The Volokh Conspiracy
Mostly law professors | Sometimes contrarian | Often libertarian | Always independent
A few moments ago, I shared my new essay, titled Presidential Subpoenas during the Burr Trials. I adapted this essay for SCOTUSBlog's Symposium on Vance and Mazars. My entry is titled, "It must be nice to have John Marshall on your side."
Here is the introduction:
Two centuries after his death, Chief Justice John Marshall still presides over the Supreme Court. His larger-than-life statue greets visitors. During investiture ceremonies, new members sit in his chair. And the justices cite him whenever possible. This term was no exception: Marshall authorized the Manhattan district attorney to subpoena President Donald Trump's financial records. Or so Trump v. Vancewould suggest. Chief Justice John Roberts' majority opinion referred over and over again to Marshall's seminal rulings from Aaron Burr's treason trials. In United States v. Burr (1807), we learn, Burr, Marshall and President Thomas Jefferson scrimmaged over the production of documents: Marshall issued a ruling, Jefferson acquiesced and Burr got what he wanted.
Alas, Roberts recounted a sanitized version of this seminal dispute. The history, which I discuss in a new essay, is far more complicated. Jefferson repeatedly ignored Marshall's decisions. Instead, he voluntarily provided redacted copies of the documents. Burr demanded Marshall take further action, but the chief justice did nothing. None of this history proves that Vance was wrongly decided. Rather, Vance followed an all-too-common practice on the court: cramming novel, expansive constitutional theories into Marshall's capacious rhetoric. This symposium post will carefully parse what Marshall and Jefferson actually said and did during the Burr episode. My research should cast some doubt on the court's unyielding obeisance to the great chief justice and his one-sided accounts of constitutional law.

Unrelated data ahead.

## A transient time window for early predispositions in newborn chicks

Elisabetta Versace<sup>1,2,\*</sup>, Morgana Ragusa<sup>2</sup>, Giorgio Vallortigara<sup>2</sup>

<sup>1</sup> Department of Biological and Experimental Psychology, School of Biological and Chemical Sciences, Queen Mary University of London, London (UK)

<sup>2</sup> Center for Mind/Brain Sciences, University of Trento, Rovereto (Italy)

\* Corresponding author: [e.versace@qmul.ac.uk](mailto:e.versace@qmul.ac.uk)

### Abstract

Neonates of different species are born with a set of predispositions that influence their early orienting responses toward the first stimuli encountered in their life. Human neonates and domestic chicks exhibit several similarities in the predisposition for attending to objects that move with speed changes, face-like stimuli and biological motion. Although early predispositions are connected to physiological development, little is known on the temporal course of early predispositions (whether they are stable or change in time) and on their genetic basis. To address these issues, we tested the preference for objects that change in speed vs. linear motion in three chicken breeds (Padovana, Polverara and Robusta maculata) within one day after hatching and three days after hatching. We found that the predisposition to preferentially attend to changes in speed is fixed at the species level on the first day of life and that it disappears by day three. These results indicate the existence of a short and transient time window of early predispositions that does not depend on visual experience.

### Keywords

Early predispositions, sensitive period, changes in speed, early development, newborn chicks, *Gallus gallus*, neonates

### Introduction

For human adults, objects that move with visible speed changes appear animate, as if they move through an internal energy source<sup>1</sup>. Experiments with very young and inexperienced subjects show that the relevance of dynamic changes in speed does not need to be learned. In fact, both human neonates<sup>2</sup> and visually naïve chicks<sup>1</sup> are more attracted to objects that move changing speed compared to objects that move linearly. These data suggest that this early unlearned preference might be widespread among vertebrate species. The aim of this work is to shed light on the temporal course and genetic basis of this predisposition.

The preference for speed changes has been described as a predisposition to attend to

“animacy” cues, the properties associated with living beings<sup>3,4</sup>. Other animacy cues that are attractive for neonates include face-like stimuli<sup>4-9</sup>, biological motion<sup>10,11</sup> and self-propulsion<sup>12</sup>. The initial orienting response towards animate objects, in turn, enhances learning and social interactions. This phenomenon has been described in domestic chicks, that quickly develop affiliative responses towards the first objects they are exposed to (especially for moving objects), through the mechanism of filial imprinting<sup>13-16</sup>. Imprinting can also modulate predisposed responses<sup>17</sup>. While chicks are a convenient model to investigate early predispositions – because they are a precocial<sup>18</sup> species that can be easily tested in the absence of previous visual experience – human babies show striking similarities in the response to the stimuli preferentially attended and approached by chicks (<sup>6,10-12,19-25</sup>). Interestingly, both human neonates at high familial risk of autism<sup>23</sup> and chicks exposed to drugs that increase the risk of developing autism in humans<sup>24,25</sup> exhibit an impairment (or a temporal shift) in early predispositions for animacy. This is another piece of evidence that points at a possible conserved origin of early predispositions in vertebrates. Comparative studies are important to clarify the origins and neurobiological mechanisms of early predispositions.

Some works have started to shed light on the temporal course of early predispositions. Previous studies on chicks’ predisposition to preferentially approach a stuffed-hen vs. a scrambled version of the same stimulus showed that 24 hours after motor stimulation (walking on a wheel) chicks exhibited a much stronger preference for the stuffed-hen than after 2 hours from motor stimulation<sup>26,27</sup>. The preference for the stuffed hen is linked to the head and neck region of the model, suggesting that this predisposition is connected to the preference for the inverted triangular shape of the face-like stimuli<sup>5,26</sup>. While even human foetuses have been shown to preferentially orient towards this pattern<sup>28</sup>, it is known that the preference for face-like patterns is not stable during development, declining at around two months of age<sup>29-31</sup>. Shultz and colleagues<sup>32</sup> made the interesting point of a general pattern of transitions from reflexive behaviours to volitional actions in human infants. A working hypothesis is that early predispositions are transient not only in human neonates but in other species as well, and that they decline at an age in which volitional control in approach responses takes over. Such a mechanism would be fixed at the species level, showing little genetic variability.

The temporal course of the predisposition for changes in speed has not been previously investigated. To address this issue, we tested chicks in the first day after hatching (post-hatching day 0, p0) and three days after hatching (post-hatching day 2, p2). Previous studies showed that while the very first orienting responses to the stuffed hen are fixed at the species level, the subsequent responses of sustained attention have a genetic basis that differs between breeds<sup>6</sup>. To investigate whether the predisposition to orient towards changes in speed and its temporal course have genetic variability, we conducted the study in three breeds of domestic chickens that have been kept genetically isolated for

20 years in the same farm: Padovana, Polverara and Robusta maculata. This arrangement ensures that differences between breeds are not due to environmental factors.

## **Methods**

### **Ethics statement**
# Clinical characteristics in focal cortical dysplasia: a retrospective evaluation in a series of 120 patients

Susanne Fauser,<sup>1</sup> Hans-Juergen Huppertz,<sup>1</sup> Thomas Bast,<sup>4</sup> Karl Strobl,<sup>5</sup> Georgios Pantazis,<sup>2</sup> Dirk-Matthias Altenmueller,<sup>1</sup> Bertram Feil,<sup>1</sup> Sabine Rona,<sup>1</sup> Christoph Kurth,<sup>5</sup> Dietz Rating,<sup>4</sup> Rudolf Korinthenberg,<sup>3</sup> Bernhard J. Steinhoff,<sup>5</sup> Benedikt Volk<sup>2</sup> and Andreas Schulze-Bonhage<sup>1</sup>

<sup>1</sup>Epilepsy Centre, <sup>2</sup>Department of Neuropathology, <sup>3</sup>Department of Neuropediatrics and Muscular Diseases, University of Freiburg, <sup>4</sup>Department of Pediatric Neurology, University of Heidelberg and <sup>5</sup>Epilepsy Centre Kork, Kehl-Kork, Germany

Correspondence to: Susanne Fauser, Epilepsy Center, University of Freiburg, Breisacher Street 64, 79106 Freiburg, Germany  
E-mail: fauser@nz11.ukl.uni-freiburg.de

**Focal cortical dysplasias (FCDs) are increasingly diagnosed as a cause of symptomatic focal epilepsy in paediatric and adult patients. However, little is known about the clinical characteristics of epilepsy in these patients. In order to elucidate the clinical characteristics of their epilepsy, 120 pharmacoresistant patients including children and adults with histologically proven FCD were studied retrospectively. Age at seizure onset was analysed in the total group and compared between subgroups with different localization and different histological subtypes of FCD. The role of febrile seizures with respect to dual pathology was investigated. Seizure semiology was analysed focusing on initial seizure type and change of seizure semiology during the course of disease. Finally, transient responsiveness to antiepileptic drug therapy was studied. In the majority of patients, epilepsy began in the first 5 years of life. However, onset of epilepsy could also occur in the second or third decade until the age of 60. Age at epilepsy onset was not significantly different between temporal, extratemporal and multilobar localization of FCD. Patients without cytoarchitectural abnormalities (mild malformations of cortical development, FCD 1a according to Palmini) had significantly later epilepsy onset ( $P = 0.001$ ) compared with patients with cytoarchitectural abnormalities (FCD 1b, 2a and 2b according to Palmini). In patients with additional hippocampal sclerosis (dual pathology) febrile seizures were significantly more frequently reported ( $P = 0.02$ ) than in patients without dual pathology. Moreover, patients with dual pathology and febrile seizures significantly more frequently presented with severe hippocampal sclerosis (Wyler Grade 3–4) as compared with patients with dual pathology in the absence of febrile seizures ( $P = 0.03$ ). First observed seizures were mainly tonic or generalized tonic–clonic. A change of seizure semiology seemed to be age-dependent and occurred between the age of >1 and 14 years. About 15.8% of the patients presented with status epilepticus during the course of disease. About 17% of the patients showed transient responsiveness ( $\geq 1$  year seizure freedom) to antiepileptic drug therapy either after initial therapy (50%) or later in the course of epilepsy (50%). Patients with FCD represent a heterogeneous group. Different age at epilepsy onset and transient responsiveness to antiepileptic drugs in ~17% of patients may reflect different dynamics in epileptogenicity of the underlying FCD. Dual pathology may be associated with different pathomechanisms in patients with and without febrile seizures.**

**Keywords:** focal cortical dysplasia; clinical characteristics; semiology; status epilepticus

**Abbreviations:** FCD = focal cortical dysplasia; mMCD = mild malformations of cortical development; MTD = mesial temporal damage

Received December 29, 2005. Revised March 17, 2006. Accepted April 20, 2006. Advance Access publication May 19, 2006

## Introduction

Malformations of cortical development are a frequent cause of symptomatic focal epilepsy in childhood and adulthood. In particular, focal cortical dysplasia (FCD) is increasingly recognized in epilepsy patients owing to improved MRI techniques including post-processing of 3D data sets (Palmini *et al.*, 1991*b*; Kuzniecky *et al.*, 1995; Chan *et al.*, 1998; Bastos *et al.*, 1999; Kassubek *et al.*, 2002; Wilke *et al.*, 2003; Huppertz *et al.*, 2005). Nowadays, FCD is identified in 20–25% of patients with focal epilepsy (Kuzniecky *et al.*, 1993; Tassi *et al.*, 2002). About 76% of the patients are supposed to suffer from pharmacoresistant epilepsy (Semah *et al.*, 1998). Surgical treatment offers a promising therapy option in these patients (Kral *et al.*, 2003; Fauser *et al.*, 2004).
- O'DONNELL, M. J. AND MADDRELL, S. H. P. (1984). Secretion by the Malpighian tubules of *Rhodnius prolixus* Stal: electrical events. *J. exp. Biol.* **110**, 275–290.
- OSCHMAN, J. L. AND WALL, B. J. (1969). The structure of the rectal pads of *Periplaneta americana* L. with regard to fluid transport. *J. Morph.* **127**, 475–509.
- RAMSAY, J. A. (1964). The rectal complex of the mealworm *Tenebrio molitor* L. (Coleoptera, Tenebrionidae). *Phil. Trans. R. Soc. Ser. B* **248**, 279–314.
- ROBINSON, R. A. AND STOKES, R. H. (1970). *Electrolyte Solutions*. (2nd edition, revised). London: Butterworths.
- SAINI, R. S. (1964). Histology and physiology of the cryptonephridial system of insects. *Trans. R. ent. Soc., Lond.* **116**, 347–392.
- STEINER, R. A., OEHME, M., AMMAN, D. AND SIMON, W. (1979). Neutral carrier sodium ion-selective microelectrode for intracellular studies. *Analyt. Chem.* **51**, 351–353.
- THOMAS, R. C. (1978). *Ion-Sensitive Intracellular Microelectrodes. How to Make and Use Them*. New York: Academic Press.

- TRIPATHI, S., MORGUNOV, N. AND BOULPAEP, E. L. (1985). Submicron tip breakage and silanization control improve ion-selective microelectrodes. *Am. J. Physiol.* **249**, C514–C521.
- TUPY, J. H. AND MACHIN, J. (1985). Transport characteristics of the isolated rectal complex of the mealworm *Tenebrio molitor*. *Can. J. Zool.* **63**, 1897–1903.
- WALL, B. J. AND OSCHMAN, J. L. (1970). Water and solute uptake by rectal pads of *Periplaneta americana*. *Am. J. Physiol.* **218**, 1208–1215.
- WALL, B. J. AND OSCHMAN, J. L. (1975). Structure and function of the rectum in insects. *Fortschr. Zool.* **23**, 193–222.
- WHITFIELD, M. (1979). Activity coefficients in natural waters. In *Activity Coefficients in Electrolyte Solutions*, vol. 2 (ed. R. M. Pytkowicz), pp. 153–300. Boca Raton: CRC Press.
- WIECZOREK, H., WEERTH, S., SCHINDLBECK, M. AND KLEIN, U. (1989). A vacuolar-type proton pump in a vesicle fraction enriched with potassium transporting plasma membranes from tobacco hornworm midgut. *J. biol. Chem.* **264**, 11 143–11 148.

And from the conclusion:
If I had to score this match, the presidency prevailed, narrowly. Regrettably, Vance discarded the complex history between Marshall and Jefferson. And this history imposes important limitations on the judiciary's powers. But according to Vance, Marshall was triumphant, and Jefferson was defeated. (Marbury v. Madison, redux!) The Burr trials, however, cannot bear the weight that Vance placed upon them. The tense clashes between the branches undermine the absolute certainty with which the court approached the separation of powers.
In the musical "Hamilton," Jefferson, Burr and James Madison are jealous of Alexander Hamilton's close relationship with President George Washington. They sing that "it must be nice to have Washington on your side." Vance sounds a similar tune: It must be nice to have Marshall on our side. The Roberts court, alas, only sang from the judiciary's score. The executive's verses fell silent.
I will write much more about this case in due course.